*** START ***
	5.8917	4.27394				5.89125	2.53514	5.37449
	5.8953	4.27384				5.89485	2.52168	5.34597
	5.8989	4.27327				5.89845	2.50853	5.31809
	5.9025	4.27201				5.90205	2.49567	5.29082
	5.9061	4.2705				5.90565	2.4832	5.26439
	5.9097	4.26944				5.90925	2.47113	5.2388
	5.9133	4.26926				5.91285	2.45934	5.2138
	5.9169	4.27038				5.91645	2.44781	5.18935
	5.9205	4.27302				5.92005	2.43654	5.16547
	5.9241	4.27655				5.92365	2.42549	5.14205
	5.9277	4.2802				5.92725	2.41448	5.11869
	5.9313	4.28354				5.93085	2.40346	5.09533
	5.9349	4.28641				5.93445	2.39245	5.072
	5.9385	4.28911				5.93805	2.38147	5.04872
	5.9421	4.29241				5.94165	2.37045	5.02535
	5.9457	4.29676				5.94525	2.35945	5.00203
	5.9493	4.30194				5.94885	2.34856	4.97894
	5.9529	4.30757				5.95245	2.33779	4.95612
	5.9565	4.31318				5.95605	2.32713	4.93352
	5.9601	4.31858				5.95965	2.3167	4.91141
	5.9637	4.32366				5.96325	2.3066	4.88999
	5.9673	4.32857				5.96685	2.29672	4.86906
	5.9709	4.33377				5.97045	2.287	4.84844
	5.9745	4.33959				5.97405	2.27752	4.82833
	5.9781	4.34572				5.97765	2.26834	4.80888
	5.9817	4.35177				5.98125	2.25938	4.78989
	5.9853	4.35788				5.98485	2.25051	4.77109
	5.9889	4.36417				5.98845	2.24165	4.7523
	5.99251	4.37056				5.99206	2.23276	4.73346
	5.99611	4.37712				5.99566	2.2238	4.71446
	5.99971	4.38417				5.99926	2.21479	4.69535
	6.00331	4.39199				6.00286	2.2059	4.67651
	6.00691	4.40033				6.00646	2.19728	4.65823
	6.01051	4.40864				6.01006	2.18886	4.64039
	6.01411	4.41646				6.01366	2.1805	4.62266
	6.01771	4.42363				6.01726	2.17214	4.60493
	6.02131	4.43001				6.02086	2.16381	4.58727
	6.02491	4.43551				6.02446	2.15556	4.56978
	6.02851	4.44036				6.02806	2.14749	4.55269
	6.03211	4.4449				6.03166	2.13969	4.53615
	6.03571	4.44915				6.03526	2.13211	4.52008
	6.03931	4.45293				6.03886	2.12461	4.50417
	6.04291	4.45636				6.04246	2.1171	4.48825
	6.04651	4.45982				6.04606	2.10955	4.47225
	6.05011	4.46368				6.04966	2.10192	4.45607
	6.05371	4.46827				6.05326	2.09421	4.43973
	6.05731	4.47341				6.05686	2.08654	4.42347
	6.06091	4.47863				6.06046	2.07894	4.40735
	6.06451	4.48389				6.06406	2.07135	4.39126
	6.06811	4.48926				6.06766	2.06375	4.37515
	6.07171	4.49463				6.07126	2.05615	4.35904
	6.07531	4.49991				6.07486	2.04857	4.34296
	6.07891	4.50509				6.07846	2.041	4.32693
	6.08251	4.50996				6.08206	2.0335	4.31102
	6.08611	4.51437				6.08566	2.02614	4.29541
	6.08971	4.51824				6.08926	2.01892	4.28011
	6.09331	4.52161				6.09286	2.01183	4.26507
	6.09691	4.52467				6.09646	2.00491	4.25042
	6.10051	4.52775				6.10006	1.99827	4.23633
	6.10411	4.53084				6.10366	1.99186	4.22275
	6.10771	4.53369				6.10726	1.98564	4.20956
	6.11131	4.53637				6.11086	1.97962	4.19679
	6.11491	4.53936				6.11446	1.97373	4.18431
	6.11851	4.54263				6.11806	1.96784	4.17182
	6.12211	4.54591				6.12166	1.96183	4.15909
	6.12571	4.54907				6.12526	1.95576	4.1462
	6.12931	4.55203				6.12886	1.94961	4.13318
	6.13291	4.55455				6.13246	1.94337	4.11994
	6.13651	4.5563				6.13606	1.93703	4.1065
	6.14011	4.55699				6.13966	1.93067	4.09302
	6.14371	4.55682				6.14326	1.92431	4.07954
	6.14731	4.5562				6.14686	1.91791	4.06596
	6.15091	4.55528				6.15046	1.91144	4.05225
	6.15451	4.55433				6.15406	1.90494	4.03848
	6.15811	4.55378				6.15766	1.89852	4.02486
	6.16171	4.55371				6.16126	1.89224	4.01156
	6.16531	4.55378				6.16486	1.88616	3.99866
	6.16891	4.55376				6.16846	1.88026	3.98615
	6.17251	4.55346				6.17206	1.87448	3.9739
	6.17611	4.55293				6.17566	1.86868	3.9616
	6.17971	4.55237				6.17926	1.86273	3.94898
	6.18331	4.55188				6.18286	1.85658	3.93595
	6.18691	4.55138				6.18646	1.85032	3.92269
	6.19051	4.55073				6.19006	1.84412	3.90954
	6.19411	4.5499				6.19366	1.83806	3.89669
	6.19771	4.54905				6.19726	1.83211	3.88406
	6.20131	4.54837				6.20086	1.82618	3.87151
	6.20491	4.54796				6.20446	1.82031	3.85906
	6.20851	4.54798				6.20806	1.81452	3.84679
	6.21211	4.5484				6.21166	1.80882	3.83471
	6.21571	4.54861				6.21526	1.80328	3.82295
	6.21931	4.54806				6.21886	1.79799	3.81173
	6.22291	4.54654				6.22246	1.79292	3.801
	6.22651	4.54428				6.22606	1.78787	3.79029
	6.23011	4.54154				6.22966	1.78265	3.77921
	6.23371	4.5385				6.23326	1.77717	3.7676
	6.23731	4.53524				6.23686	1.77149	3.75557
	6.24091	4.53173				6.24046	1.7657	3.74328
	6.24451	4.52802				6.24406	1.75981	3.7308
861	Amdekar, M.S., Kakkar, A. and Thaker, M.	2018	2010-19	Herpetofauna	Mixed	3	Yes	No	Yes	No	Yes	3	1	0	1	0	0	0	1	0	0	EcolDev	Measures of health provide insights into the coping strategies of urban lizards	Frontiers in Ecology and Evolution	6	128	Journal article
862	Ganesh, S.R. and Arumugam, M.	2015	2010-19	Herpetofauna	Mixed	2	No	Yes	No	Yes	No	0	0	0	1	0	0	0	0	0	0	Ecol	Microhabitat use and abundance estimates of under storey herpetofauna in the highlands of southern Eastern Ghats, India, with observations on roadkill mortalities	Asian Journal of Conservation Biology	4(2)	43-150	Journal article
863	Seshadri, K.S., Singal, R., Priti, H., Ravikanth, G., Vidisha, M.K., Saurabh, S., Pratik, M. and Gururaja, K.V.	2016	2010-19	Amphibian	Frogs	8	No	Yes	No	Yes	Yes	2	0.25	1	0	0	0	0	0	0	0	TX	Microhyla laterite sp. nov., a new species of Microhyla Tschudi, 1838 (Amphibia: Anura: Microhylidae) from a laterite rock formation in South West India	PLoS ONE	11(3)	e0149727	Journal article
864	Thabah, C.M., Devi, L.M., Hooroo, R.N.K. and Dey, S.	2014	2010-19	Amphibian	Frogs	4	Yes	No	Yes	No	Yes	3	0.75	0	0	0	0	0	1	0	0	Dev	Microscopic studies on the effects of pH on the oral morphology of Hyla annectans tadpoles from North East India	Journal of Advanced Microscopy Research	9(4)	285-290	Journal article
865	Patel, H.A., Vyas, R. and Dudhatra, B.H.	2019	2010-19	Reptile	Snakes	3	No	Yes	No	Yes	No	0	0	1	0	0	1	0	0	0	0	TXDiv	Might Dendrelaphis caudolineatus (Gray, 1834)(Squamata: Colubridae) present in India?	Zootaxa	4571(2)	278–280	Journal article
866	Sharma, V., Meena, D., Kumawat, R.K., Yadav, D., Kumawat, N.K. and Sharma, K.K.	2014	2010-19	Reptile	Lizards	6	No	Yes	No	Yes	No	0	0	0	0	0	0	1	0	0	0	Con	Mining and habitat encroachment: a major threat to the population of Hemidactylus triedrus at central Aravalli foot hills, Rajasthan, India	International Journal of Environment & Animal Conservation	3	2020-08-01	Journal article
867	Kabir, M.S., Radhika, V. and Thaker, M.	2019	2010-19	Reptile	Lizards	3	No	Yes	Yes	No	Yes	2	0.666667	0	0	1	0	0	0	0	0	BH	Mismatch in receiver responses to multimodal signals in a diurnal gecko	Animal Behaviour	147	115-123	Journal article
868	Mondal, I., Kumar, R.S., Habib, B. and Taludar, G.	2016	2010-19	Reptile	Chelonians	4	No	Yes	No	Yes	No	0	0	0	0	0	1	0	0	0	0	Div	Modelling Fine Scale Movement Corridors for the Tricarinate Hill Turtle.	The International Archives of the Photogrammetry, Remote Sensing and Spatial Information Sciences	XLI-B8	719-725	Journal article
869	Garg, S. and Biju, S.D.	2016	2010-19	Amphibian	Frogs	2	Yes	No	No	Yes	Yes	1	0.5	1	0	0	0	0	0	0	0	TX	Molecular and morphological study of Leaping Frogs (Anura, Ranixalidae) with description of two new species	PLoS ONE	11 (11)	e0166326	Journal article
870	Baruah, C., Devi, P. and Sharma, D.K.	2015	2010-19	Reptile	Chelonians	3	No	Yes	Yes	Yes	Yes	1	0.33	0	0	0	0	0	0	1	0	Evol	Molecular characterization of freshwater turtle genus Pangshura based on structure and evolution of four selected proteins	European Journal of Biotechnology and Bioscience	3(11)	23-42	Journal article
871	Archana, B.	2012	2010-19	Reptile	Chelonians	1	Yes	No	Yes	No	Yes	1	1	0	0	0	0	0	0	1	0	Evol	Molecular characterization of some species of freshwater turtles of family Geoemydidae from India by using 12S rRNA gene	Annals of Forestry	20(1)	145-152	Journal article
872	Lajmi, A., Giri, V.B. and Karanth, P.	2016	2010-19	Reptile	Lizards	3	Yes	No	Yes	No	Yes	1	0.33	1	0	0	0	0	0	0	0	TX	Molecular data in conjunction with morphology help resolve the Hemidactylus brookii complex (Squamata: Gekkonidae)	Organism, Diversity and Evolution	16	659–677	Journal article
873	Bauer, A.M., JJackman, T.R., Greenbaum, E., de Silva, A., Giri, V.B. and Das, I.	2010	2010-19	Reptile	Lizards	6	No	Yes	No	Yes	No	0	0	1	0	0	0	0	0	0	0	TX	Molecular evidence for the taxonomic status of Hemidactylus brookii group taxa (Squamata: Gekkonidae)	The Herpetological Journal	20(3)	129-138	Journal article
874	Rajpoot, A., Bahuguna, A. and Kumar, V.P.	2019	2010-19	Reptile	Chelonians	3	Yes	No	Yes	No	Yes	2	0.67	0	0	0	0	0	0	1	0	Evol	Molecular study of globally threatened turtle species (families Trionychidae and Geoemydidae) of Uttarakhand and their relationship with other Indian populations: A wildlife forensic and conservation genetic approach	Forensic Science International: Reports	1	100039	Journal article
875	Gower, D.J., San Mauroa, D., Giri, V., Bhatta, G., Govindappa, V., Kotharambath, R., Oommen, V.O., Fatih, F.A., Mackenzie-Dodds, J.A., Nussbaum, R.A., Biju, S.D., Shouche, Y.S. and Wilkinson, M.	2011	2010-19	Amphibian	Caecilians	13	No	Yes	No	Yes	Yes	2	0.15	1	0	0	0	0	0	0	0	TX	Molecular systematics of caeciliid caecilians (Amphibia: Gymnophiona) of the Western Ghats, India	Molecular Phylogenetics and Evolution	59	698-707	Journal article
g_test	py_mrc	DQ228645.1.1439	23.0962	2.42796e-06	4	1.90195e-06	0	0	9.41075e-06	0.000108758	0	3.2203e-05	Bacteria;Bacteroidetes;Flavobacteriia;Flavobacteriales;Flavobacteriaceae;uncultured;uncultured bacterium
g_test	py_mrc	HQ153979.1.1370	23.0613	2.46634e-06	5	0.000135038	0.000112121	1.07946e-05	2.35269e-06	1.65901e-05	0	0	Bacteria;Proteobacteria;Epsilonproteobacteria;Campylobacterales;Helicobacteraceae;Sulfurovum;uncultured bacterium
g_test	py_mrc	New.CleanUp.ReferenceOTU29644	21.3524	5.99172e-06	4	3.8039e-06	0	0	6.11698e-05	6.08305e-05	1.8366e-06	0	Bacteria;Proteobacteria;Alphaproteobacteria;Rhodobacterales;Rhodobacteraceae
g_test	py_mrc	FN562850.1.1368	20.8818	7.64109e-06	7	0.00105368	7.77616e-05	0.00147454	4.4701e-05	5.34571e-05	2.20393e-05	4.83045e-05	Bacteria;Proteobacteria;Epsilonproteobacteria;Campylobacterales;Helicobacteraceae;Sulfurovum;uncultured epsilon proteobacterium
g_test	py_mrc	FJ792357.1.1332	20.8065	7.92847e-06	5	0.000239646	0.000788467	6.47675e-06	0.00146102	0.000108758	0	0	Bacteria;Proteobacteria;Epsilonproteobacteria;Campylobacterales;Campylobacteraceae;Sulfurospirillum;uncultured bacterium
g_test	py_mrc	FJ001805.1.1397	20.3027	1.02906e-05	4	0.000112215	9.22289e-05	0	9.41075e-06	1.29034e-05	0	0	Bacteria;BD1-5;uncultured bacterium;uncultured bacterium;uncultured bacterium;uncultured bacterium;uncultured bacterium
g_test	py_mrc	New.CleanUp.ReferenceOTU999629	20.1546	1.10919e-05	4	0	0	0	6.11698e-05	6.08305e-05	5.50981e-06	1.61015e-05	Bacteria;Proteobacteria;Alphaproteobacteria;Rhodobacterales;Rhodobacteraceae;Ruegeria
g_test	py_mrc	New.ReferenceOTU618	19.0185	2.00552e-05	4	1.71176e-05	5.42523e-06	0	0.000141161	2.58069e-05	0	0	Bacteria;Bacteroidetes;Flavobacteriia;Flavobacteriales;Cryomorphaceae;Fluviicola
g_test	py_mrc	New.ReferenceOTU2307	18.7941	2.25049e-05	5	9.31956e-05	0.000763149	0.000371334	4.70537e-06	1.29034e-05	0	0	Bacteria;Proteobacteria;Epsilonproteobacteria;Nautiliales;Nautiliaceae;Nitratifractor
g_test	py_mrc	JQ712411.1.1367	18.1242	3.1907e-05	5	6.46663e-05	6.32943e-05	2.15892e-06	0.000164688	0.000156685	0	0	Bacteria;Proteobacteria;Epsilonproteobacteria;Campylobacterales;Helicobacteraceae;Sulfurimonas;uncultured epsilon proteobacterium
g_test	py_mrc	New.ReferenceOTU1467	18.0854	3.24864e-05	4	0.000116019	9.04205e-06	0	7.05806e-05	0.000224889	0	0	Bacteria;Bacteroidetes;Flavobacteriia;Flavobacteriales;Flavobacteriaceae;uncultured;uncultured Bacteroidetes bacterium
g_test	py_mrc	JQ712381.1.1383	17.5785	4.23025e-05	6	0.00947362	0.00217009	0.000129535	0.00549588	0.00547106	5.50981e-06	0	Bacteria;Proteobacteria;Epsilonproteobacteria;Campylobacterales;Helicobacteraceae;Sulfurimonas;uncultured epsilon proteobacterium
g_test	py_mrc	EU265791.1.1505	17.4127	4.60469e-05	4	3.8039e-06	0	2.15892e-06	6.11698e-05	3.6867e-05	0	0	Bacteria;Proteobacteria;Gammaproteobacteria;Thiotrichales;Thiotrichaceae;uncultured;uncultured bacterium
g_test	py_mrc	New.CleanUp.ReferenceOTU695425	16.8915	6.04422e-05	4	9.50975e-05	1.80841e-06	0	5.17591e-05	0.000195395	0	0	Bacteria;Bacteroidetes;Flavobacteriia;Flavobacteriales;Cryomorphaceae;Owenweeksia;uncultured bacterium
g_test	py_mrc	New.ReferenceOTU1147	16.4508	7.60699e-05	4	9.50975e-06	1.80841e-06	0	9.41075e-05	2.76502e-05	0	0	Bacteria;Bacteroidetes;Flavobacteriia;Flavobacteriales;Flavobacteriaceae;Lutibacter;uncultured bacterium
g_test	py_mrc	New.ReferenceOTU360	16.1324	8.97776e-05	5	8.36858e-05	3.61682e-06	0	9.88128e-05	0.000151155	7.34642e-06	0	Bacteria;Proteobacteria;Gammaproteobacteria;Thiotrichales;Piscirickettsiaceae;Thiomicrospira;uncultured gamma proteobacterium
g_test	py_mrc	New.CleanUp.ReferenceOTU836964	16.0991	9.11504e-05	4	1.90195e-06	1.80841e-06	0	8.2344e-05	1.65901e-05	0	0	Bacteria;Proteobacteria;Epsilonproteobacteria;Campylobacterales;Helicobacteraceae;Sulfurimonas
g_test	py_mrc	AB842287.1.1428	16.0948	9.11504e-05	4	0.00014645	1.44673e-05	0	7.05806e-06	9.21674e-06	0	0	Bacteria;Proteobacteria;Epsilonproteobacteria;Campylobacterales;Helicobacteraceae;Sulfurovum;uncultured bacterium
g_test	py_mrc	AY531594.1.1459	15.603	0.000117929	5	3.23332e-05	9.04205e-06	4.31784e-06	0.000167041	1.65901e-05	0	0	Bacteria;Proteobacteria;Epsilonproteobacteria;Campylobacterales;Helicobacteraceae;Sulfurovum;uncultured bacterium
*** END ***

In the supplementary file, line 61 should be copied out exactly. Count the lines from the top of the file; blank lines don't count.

	6.10771	4.53369				6.10726	1.98564	4.20956